Given the attractive valuation, the strong competitive positioning, the substantial opportunities for growth and the solid, incentivized management team leading the turnaround, we believe that Flybe’s shares offers a rather compelling risk reward at current prices.
Summary Thesis Points:
· First and foremost we like the attractive risk reward dynamics of this investment. The downside is protected over the next two-to-three years by a solid balance sheet, strong net cash position and book NAV (mostly airplanes) of 100%+ the current stock price. The upside, even under conservative assumptions, is multiples of the current stock price.
· Flybe has limited, if any, competition on majority of its routes and has sizable growth opportunities to expand internationally and via white-label services.
· While profitability is lacking there are a number of levers that can be pulled by the new management team. Even small changes can trigger large upside. The CEO has very strong incentives to do so by next summer. He has the right experience to complete the turnaround.
· Fuel, and further cost cutting should be a tailwind in 2016 contributing to rising profitability.
We believe the current stock price is impacted by fundamental and technical factors. The stock price increased 150% the first year the new management team came in as its turnaround efforts were rather fruitful. The Company raised a large amount of capital on the back of this outperformance getting a number of new investors in the stock. Since then the turnaround went through a phase of weaker results, some “fast money” exited during the summer pressuring the stock price. It is a small-cap stock so it does not take much to influence it. After such a whipsaw, investors are looking for results rather than promises, in other words “show me”. Our view is that this impact is temporary as the management is rather incentivized to do the right thing. Furthermore, it has some control over the operating metrics and at the very minimum costs should be a tailwind.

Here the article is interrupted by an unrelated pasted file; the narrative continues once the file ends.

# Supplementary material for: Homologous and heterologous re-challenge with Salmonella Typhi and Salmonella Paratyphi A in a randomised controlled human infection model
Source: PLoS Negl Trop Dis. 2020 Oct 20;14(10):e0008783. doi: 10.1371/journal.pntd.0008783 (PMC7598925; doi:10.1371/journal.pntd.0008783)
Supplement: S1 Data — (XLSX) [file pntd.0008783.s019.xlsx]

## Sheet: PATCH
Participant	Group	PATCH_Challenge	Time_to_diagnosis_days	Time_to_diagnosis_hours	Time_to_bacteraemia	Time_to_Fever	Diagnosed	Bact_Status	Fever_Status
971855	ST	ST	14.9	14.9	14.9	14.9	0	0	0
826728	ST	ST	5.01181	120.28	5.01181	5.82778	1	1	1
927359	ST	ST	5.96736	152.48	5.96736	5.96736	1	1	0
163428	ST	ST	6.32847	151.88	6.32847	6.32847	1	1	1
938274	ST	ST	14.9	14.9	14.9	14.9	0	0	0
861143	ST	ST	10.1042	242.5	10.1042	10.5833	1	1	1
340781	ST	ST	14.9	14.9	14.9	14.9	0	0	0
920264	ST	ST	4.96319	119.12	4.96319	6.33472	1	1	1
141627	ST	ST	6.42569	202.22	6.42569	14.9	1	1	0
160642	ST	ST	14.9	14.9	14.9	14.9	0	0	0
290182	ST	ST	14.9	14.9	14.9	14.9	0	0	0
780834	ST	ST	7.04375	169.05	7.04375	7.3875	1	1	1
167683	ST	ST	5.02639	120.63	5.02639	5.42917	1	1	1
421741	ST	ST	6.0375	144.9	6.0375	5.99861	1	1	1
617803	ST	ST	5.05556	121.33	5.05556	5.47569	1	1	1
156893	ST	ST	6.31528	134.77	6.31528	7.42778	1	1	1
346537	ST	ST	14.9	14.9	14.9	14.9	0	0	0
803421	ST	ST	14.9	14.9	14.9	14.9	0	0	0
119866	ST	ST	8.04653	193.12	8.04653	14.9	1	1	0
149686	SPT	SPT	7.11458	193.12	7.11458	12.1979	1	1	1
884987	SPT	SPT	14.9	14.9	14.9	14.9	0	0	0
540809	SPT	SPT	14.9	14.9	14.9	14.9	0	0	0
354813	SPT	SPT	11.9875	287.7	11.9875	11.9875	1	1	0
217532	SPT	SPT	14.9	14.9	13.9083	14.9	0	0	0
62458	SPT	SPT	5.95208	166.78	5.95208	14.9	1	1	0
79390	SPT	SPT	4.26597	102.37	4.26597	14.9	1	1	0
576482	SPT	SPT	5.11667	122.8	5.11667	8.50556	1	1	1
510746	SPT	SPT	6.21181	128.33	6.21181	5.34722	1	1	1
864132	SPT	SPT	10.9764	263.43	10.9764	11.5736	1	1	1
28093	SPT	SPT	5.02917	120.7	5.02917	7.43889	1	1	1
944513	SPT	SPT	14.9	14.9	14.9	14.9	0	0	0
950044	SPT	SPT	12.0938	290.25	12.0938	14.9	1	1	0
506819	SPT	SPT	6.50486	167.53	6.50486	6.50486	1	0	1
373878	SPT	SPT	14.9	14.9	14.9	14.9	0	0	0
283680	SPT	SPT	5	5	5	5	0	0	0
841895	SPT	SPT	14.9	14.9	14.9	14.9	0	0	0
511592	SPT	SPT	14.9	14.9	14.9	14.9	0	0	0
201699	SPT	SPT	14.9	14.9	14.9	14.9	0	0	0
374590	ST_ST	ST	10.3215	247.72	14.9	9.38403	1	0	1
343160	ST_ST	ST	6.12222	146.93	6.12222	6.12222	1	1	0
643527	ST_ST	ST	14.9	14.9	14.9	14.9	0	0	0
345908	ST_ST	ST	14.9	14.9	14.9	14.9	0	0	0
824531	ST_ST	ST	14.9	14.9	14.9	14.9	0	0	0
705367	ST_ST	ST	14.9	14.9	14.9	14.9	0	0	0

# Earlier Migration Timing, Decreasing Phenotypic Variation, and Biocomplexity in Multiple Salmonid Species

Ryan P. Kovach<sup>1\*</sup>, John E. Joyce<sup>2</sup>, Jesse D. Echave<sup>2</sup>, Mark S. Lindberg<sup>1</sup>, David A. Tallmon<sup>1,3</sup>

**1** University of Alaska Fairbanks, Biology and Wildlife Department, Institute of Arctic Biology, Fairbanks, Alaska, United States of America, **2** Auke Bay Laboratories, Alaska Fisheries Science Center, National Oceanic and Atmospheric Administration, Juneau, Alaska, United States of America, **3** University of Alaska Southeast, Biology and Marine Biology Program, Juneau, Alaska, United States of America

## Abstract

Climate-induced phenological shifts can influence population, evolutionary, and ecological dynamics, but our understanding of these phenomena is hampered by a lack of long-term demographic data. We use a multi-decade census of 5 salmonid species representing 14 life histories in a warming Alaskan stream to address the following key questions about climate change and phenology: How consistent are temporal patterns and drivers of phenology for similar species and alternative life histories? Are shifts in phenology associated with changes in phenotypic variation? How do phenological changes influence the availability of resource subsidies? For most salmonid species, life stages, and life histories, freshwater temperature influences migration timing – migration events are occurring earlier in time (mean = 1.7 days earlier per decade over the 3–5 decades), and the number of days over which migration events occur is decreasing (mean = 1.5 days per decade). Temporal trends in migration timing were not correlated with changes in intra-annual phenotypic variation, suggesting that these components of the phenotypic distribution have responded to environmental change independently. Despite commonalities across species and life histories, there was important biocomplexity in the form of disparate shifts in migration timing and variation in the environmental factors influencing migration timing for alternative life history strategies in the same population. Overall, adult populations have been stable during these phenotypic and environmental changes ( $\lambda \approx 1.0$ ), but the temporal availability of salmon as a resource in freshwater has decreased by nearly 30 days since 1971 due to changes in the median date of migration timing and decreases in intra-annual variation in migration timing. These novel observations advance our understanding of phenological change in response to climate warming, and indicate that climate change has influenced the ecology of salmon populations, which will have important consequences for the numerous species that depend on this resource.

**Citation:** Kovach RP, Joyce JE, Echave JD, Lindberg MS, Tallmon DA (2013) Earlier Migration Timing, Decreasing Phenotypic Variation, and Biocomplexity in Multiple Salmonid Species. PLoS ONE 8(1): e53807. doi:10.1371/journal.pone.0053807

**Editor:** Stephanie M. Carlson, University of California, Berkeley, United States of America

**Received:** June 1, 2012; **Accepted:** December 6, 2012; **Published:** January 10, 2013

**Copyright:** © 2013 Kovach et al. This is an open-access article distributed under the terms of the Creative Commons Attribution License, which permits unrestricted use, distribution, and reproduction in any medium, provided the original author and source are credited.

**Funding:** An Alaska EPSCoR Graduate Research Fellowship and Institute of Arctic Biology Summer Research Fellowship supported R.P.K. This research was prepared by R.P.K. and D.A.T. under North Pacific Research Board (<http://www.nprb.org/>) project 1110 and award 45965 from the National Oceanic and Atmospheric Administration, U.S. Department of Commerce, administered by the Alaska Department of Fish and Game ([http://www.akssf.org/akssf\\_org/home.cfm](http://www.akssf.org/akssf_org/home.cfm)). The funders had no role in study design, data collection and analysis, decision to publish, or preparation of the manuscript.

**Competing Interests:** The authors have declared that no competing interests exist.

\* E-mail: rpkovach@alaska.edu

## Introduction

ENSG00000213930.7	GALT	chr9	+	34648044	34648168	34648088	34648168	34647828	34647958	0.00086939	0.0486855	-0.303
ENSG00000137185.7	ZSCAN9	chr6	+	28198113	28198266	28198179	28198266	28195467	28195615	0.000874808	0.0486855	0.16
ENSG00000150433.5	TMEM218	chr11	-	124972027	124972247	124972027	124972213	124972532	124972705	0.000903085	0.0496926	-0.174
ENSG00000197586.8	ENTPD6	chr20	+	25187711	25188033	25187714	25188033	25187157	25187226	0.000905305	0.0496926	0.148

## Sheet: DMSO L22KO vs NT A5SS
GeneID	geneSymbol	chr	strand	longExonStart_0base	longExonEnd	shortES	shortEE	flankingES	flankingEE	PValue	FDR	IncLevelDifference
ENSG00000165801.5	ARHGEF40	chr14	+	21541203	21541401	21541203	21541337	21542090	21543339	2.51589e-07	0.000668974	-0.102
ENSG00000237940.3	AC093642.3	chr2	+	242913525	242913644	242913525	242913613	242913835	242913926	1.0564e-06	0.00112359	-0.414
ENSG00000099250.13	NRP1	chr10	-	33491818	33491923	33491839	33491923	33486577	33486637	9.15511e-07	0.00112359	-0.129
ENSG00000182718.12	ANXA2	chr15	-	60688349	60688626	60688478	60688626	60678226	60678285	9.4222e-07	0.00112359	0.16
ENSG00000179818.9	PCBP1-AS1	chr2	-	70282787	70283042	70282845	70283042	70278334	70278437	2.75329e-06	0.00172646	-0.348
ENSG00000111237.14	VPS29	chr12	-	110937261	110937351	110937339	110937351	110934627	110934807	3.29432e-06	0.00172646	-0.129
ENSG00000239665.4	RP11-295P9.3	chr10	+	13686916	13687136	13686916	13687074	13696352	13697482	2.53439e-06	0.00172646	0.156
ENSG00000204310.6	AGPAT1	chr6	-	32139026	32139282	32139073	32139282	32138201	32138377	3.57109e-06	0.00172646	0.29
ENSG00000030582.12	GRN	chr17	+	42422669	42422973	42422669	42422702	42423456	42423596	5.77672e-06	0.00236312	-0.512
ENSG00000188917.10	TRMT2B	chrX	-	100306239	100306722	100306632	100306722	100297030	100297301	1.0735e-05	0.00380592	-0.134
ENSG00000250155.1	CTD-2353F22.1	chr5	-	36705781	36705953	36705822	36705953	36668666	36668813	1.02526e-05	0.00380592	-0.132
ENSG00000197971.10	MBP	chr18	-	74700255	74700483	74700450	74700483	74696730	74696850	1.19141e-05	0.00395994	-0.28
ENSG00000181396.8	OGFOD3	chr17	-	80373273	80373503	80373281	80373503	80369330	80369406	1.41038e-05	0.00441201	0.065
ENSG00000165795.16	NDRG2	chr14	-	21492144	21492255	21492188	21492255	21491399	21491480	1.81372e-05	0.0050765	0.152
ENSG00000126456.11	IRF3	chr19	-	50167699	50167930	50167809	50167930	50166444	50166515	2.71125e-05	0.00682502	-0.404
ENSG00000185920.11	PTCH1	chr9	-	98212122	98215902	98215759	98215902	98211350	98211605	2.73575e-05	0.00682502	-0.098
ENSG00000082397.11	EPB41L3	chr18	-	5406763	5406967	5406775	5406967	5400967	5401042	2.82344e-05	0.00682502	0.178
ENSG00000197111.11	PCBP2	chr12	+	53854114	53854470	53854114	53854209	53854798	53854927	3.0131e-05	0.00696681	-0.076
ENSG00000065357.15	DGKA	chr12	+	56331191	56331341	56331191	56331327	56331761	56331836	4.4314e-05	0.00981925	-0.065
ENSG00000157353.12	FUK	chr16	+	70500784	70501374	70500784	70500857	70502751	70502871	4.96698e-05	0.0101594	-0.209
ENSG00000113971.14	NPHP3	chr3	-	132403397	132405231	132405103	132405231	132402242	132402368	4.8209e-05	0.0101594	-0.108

There are a few fundamental and technical factors suggesting that now is the opportune time to step in. First, the stock price is not much above its all-time lows. Second, as pointed out already, fuel hedges are rolling and lower oil prices will finally start becoming a tailwind. Third, the Company signed its first white-label agreement with SAS and more of these should be coming in either later this year or next year. Fourth, Company recently found a solution to divest unused aircraft, which reduces the large associated maintenance expenses. Fifth, the CEO will receive a very large bonus if he increases the stock price over the next year (by June 2016) – if the price returns to where it was at its peak last year, he will get a payment equivalent to 20x his annual compensation.
What We Like About Flybe
· Large Regional Market Opportunity: Europe has the world’s largest regional market with over 75mm seats flown on flights with lengths under 350 miles, which is the sweet spot for Flybe’s fleet (c. 80% of Flybe’s routes are on sectors under 350 miles). In comparison, the North American market is smaller - the number of seats flown at such short distances is 62mm.